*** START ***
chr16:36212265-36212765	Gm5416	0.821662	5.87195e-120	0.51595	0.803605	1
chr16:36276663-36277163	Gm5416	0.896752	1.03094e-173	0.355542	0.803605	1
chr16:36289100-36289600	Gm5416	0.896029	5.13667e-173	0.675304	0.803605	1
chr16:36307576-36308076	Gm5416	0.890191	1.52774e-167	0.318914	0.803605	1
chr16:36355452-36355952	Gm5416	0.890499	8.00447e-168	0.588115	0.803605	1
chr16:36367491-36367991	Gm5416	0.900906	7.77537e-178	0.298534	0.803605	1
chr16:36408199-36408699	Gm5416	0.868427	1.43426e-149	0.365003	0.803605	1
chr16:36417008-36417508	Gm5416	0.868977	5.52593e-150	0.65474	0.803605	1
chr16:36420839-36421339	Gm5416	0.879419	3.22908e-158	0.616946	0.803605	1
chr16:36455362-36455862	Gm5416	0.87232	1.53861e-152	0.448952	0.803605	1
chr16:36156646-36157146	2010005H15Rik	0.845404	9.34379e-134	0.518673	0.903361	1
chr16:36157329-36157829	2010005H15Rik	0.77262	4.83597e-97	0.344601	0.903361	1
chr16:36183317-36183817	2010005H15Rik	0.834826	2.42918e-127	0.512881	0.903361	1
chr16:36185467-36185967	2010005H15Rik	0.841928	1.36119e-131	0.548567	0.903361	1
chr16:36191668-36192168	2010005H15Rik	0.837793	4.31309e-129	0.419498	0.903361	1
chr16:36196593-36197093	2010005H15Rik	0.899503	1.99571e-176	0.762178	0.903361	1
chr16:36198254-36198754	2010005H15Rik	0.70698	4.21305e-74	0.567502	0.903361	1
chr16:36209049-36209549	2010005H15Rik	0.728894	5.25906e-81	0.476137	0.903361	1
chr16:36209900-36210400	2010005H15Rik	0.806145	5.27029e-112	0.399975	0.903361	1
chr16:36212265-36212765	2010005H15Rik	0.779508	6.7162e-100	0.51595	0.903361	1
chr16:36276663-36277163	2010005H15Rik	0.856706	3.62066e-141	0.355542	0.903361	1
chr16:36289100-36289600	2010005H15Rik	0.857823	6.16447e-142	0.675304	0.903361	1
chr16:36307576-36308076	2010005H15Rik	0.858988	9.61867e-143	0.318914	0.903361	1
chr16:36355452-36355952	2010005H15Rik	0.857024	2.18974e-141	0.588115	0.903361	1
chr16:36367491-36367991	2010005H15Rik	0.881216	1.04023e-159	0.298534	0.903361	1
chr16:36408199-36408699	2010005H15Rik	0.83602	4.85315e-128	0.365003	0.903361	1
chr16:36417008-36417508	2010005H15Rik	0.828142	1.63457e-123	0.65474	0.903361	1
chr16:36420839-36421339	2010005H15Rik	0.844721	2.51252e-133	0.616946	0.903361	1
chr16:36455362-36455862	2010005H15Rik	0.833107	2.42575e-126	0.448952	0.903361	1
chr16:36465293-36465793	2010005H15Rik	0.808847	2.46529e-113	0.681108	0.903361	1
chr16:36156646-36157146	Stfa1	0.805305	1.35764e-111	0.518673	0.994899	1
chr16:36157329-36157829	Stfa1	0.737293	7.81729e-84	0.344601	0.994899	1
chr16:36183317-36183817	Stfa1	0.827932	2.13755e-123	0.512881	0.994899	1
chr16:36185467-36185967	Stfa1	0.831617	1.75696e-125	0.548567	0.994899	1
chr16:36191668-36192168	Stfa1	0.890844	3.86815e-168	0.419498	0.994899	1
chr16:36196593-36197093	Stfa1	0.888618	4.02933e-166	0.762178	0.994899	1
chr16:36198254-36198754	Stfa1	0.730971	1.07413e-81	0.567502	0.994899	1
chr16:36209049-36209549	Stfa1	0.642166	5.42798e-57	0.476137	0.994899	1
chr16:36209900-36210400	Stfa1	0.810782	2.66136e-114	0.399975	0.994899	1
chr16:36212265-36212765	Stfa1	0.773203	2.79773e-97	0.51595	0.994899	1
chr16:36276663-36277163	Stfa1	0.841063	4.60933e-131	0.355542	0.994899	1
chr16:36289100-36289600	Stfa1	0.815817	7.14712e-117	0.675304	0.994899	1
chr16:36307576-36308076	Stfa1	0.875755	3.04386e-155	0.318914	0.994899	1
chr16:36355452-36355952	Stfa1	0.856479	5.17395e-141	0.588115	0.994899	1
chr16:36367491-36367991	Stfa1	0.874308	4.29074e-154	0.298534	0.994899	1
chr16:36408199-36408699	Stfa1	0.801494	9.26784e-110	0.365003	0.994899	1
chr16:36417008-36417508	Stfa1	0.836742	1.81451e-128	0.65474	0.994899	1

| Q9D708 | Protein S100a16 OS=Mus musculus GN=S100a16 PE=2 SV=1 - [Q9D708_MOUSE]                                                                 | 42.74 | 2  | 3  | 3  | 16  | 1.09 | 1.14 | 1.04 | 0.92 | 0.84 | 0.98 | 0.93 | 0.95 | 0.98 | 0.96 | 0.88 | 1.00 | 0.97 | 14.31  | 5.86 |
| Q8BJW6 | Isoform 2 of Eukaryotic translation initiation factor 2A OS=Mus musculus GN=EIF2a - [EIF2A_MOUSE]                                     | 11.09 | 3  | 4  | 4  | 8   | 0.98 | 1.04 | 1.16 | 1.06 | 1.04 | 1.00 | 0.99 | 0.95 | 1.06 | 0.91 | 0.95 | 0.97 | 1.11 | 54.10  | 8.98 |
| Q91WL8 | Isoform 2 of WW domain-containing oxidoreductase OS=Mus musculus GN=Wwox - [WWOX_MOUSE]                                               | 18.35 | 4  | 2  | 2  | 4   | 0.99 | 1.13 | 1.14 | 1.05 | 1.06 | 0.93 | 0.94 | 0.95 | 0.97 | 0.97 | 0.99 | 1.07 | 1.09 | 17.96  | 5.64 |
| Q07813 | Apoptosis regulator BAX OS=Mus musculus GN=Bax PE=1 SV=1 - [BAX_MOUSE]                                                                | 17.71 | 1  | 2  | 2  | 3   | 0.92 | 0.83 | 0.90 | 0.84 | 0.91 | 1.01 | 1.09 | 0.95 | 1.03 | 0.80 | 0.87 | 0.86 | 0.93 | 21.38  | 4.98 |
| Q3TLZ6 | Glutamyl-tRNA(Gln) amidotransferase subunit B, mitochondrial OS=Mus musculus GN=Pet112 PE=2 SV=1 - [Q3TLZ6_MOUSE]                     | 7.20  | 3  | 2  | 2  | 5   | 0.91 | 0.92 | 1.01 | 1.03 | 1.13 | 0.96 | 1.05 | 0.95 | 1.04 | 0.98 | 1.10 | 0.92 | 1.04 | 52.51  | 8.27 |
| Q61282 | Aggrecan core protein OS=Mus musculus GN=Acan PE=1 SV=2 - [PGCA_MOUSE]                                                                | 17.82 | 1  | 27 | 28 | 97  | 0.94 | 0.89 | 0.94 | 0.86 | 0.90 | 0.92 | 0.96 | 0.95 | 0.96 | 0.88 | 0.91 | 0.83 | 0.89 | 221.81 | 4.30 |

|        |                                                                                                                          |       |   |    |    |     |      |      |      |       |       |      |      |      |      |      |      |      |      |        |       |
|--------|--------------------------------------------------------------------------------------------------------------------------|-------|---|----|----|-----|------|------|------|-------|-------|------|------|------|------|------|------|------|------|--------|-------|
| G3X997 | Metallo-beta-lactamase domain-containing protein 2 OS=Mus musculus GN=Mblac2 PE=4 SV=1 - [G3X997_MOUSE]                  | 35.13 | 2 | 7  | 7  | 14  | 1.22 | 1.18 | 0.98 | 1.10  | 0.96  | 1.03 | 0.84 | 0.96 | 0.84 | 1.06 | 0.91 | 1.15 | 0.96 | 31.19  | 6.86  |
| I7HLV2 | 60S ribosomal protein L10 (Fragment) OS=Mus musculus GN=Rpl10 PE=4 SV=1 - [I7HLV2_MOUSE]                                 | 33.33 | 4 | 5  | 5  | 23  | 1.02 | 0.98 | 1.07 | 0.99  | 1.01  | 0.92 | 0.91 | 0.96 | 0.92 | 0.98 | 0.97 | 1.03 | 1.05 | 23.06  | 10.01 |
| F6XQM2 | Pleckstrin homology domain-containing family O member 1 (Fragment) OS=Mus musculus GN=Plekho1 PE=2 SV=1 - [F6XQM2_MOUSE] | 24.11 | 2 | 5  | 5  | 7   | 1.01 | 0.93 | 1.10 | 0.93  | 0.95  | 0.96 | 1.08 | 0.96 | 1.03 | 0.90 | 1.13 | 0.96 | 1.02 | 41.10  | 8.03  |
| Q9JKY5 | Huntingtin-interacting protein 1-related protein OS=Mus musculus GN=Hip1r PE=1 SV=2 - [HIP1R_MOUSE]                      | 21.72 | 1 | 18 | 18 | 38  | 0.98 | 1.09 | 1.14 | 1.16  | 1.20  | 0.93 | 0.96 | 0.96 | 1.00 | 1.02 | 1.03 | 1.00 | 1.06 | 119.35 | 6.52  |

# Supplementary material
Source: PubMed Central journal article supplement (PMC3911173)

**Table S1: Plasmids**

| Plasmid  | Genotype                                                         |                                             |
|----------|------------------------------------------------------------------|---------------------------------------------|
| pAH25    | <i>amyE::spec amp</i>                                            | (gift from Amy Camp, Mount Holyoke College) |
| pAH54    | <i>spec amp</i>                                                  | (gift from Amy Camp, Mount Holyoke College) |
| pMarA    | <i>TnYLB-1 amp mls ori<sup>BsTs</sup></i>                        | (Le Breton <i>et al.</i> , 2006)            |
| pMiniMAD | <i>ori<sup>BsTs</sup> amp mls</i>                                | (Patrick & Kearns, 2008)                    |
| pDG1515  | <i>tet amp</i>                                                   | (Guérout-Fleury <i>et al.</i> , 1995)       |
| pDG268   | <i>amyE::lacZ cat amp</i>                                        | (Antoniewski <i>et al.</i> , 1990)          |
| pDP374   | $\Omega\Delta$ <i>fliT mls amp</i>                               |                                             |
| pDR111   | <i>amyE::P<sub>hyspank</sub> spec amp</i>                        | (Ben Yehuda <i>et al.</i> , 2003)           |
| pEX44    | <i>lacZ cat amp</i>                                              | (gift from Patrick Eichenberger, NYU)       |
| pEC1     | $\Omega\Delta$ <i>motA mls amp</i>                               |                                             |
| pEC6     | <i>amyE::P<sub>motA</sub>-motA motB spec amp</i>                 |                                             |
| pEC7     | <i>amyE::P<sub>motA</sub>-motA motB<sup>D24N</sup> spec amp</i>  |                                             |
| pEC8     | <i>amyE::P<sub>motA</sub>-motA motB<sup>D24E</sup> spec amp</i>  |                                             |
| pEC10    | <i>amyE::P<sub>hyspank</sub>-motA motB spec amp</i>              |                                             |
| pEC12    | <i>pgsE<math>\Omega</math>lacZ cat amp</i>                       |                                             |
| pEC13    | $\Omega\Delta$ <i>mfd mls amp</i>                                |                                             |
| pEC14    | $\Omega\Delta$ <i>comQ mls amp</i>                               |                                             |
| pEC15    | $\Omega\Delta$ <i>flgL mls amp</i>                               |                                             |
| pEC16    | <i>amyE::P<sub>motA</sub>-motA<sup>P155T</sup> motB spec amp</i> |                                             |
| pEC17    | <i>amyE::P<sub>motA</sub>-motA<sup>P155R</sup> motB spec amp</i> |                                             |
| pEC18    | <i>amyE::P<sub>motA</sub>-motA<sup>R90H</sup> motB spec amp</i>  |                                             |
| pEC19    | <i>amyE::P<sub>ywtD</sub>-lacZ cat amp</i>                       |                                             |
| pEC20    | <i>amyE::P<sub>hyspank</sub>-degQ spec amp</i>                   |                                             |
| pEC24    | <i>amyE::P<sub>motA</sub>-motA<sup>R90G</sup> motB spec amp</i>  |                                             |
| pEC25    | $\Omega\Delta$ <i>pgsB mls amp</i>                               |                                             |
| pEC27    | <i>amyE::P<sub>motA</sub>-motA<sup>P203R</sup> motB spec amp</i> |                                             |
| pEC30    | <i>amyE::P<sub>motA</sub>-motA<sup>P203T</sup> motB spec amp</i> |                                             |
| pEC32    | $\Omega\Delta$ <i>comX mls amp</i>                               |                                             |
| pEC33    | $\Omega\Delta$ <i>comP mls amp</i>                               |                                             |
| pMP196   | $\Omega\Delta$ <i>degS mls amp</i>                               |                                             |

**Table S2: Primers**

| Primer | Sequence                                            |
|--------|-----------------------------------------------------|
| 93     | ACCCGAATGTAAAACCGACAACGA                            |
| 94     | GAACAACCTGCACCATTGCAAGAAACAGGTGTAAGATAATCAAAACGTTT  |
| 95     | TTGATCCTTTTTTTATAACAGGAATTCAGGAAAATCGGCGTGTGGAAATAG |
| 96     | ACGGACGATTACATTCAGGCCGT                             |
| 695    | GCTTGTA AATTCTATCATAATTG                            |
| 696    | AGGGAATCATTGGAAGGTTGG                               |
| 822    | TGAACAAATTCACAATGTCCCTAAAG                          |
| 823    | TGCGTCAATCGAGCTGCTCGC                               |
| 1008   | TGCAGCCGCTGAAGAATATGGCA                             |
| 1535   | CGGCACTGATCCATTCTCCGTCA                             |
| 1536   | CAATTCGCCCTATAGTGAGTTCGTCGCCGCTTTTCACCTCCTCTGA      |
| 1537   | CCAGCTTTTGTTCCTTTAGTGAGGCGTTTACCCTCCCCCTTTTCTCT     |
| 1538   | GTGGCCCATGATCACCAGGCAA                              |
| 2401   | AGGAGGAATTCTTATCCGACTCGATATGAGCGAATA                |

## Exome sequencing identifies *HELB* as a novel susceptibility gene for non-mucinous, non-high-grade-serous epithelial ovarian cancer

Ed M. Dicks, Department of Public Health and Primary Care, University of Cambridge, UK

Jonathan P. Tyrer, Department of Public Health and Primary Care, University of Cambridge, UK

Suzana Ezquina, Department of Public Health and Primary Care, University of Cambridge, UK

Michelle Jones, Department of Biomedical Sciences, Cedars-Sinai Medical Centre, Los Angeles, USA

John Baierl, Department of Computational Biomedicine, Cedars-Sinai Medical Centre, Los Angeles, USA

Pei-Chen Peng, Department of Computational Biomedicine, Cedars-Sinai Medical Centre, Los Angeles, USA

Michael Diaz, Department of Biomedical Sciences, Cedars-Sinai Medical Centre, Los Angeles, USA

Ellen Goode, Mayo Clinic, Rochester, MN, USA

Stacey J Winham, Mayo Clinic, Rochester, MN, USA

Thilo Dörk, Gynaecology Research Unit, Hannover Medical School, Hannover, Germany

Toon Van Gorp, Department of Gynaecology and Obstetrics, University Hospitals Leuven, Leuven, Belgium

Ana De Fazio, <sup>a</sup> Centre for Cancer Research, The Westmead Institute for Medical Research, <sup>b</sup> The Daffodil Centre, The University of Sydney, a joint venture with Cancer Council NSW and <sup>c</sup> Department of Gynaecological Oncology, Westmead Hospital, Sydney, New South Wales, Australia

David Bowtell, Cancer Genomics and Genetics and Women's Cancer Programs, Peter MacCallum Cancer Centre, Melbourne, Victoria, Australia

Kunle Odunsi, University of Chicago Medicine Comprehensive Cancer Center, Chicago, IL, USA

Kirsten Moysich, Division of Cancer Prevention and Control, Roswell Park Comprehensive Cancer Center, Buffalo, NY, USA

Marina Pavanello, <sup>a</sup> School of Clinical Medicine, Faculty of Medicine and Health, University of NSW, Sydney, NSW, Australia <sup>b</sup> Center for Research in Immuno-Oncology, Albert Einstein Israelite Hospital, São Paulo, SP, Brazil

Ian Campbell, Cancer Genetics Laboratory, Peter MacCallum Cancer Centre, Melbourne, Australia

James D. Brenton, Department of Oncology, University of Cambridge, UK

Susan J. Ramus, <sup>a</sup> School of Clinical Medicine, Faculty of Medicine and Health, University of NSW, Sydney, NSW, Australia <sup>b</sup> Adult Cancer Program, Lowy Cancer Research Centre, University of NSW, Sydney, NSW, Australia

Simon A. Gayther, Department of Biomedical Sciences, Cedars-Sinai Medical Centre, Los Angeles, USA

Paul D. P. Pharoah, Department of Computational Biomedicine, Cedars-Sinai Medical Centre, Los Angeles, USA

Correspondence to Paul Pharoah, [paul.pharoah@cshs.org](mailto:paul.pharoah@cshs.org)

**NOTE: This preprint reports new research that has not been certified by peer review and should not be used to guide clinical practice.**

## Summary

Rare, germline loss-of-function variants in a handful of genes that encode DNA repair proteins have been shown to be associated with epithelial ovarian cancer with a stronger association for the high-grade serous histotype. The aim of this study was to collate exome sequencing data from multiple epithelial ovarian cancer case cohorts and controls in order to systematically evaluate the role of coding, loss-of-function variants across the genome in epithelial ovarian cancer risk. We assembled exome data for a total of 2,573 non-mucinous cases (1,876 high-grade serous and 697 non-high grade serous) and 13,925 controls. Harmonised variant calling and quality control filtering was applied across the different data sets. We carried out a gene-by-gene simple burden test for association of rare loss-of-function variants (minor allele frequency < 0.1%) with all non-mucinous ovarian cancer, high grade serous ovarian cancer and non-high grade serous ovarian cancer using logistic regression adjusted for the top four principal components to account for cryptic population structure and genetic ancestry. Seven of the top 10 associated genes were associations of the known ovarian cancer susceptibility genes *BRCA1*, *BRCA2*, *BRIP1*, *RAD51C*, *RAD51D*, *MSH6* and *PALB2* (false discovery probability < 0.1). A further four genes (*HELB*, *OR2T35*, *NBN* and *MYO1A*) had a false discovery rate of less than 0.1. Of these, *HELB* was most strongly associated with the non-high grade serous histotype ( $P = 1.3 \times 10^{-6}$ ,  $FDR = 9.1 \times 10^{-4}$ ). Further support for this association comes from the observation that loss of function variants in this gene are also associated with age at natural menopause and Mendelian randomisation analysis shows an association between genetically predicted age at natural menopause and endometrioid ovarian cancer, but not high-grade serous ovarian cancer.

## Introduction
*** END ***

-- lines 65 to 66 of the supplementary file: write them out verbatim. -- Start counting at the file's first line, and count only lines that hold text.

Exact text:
| pAH25    | <i>amyE::spec amp</i>                                            | (gift from Amy Camp, Mount Holyoke College) |
| pAH54    | <i>spec amp</i>                                                  | (gift from Amy Camp, Mount Holyoke College) |